We are awash in data. Every time we go online or use a smartphone or credit card, our purchases and movements are tracked. We keep our schedules, plan trips and celebrate birthdays online. When we go outside, ubiquitous CCTV and security cameras capture our movements. And a world of interconnected refrigerators, thermostats and other everyday devices -- the Internet of Things -- lies just ahead.
Advocates of big-data analytics promise tremendous benefits. Some benefits -- helping companies determine which ads you see online, which articles a newspaper recommends to you and which book to recommend you read next -- are relatively mundane. Other benefits could be utterly transformative -- keeping kids in high school, preventing infections in premature children and conserving our natural resources by making our use of electricity more efficient.
To reap these rewards, we're told we need to scrap many of the basic privacy principles. Some big-data enthusiasts dismiss transparency, choice, accuracy, data minimization and other protections as unworkable. Others argue that the drawbacks of applying basic privacy principles outweigh the benefits.
Crossing the line
Brushing these principles aside has led some companies to adopt a "collect first, ask questions later" approach to personal data. Some are selling consumer-specific data for purposes that fall right on -- or just beyond -- the boundaries of the Fair Credit Reporting Act and other laws. Others are using personal data to make "eligibility" determinations, such as whether an individual is too risky to do business with, has engaged in fraud or is ineligible to enroll in certain clubs, dating services, schools or other programs. Still others are collecting and using big data to make sensitive predictions about consumers, such as those involving their health conditions, sexual orientation and religion.
Data brokers, marketers and other companies that join the big-data stampede while ignoring basic privacy principles do so at their own peril. Inaccuracies, unexpected disclosures and the use of sensitive data can cause real harm to consumers, not to mention potentially violate the law.
New laws would help. But there is more we can do right now to address the fundamental challenge of helping consumers regain control of their most sensitive and private information. To this end, I am calling on the data-broker industry to join a comprehensive initiative, which I call Reclaim Your Name.
The concept is simple. Through creation of consumer-friendly online services, Reclaim Your Name would empower the consumer to find out how brokers are collecting and using data; give her access to information that data brokers have amassed about her; allow her to opt-out if a data broker is selling her information for marketing purposes; and provide her the opportunity to correct errors in information used for substantive decisions.
Improving the handling of sensitive data is another part of Reclaim Your Name. Data brokers that participate in Reclaim Your Name would agree to tailor their data handling and notice and choice tools to the sensitivity of the information at issue. As the data they handle or create becomes more sensitive -- relating to health conditions, sexual orientation and financial condition, for example -- the data brokers would provide greater transparency and more robust notice and choice to consumers.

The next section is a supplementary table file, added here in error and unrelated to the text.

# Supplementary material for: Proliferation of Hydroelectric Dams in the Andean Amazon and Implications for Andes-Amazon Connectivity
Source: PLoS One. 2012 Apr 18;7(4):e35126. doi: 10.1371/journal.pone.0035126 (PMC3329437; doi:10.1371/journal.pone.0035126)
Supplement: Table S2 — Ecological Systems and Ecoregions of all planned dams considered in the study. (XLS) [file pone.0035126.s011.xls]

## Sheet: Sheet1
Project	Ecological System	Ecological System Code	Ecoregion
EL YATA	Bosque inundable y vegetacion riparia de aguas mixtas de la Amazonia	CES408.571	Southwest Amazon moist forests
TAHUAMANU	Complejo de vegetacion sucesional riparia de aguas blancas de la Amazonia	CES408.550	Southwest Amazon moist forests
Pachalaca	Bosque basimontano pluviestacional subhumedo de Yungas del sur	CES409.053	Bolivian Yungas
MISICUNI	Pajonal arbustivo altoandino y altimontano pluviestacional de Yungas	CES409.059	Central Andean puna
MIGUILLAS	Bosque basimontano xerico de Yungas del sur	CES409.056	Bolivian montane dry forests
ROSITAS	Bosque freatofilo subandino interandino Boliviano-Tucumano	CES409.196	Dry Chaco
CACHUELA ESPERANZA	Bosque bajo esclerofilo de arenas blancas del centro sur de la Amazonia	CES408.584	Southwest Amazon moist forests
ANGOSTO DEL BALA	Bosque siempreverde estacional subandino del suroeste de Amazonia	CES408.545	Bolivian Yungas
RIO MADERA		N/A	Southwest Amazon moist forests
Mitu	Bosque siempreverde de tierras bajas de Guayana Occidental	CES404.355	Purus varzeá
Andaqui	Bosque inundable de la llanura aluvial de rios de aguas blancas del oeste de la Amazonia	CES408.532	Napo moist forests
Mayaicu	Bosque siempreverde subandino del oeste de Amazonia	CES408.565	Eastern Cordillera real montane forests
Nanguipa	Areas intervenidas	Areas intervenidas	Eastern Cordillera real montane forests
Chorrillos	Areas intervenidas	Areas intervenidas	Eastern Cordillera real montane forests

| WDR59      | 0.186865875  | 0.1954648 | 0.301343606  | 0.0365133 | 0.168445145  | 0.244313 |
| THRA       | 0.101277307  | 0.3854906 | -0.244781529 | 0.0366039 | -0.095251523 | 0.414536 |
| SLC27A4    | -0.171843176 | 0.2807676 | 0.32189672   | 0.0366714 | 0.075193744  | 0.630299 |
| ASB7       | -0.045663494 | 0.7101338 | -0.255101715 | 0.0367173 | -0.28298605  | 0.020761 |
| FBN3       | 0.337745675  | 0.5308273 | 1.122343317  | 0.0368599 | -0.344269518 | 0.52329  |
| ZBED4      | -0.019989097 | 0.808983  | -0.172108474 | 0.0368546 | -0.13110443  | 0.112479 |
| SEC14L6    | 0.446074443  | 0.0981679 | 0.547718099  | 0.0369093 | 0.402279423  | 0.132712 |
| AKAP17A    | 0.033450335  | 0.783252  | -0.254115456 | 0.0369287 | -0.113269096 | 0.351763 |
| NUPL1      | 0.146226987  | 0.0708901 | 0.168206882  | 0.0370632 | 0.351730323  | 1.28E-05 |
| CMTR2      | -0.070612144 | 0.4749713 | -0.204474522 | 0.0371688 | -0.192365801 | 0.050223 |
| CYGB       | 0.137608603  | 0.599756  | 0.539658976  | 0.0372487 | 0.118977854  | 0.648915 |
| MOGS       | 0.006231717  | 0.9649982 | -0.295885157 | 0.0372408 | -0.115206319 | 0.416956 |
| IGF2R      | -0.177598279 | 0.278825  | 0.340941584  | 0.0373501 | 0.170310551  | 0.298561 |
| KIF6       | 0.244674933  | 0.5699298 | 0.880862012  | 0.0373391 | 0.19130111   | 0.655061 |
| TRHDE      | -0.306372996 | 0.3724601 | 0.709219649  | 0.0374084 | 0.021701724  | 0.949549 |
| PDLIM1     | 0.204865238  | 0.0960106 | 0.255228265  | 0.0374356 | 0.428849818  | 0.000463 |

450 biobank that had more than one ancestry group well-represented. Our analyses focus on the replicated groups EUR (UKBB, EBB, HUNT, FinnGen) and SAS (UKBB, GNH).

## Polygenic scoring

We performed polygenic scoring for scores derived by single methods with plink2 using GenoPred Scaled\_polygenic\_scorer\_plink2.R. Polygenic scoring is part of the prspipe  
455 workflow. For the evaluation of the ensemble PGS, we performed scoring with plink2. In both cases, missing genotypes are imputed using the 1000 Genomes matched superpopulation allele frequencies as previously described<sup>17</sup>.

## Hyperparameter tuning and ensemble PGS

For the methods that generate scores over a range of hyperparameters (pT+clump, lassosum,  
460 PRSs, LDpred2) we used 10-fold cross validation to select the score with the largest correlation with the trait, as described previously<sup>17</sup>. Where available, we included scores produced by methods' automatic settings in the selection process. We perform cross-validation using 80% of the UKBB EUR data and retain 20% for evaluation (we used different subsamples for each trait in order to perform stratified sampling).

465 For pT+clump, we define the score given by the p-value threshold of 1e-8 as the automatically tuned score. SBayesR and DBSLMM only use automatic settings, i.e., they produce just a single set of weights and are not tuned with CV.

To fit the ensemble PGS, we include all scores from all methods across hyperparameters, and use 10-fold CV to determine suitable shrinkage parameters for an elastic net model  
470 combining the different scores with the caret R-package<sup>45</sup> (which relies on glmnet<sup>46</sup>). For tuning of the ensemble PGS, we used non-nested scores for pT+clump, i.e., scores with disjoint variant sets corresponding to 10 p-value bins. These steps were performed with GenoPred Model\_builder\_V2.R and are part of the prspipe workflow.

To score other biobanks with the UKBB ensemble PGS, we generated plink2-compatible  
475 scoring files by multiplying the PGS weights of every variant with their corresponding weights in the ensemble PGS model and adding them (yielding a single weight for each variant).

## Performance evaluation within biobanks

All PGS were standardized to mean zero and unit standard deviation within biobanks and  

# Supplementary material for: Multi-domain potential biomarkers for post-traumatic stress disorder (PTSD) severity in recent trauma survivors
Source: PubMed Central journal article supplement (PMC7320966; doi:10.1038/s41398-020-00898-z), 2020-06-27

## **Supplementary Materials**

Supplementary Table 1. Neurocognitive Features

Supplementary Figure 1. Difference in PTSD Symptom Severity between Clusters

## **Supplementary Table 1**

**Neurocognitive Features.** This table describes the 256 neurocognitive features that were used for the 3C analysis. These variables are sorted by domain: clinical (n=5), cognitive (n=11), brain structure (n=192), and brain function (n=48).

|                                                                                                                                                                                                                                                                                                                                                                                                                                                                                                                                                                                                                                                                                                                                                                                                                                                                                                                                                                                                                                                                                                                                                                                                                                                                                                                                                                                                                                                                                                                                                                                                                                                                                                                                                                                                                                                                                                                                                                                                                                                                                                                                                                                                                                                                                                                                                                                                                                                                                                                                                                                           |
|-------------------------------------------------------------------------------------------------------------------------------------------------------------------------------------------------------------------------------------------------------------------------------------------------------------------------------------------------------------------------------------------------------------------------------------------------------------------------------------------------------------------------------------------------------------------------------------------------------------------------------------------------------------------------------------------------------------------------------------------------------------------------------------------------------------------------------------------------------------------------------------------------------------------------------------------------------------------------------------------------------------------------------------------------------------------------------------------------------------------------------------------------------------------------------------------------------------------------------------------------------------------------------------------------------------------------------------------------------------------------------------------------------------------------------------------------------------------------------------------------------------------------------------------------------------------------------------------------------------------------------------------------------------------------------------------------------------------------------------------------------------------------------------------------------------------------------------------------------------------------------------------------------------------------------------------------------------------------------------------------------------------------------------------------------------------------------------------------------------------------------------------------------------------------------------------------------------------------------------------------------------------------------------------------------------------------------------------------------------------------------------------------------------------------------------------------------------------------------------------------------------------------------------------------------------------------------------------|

The user interface is also critical. It should be user-friendly, and the industry should provide a one-stop shop so consumers can learn about the tools all data brokers provide, and the choices consumers can make about the use of their data.
Another important challenge is to bring the technology of credit reporting into the 21st century. The process of collecting and synthesizing data into individual credit profiles is too error-prone for too many Americans. So is the industry's "dispute resolution" system, which fails to resolve many disputes -- especially where consumers have identical or similar names. New technological tools also must be developed to help consumers more easily obtain and understand their credit reports, and to give consumers a better, privacy-enhancing interface for correcting their credit information across multiple credit-reporting agencies.
Internet of Things
We must also take into consideration the privacy challenges of the Internet of Things. Many connected devices have no user interface, and consumers may not even realize that the devices they are using are connected, let alone sending data to third parties. Engineers and technologists will have to ensure that connected devices build in privacy from the start, collecting the minimum of data necessary to make a device function, and creating a consumer-friendly dashboard that explains the data the device collects, the uses of the data and who might see the data.
Moving forward, it will be crucial to incorporate transparency, choice, access and other basic privacy principles into big-data analytics. It will require the focused efforts of companies and experimentation by technologists. The result can be a system that respects consumer privacy and engenders consumer trust, allowing big data to reach its full potential to benefit us all.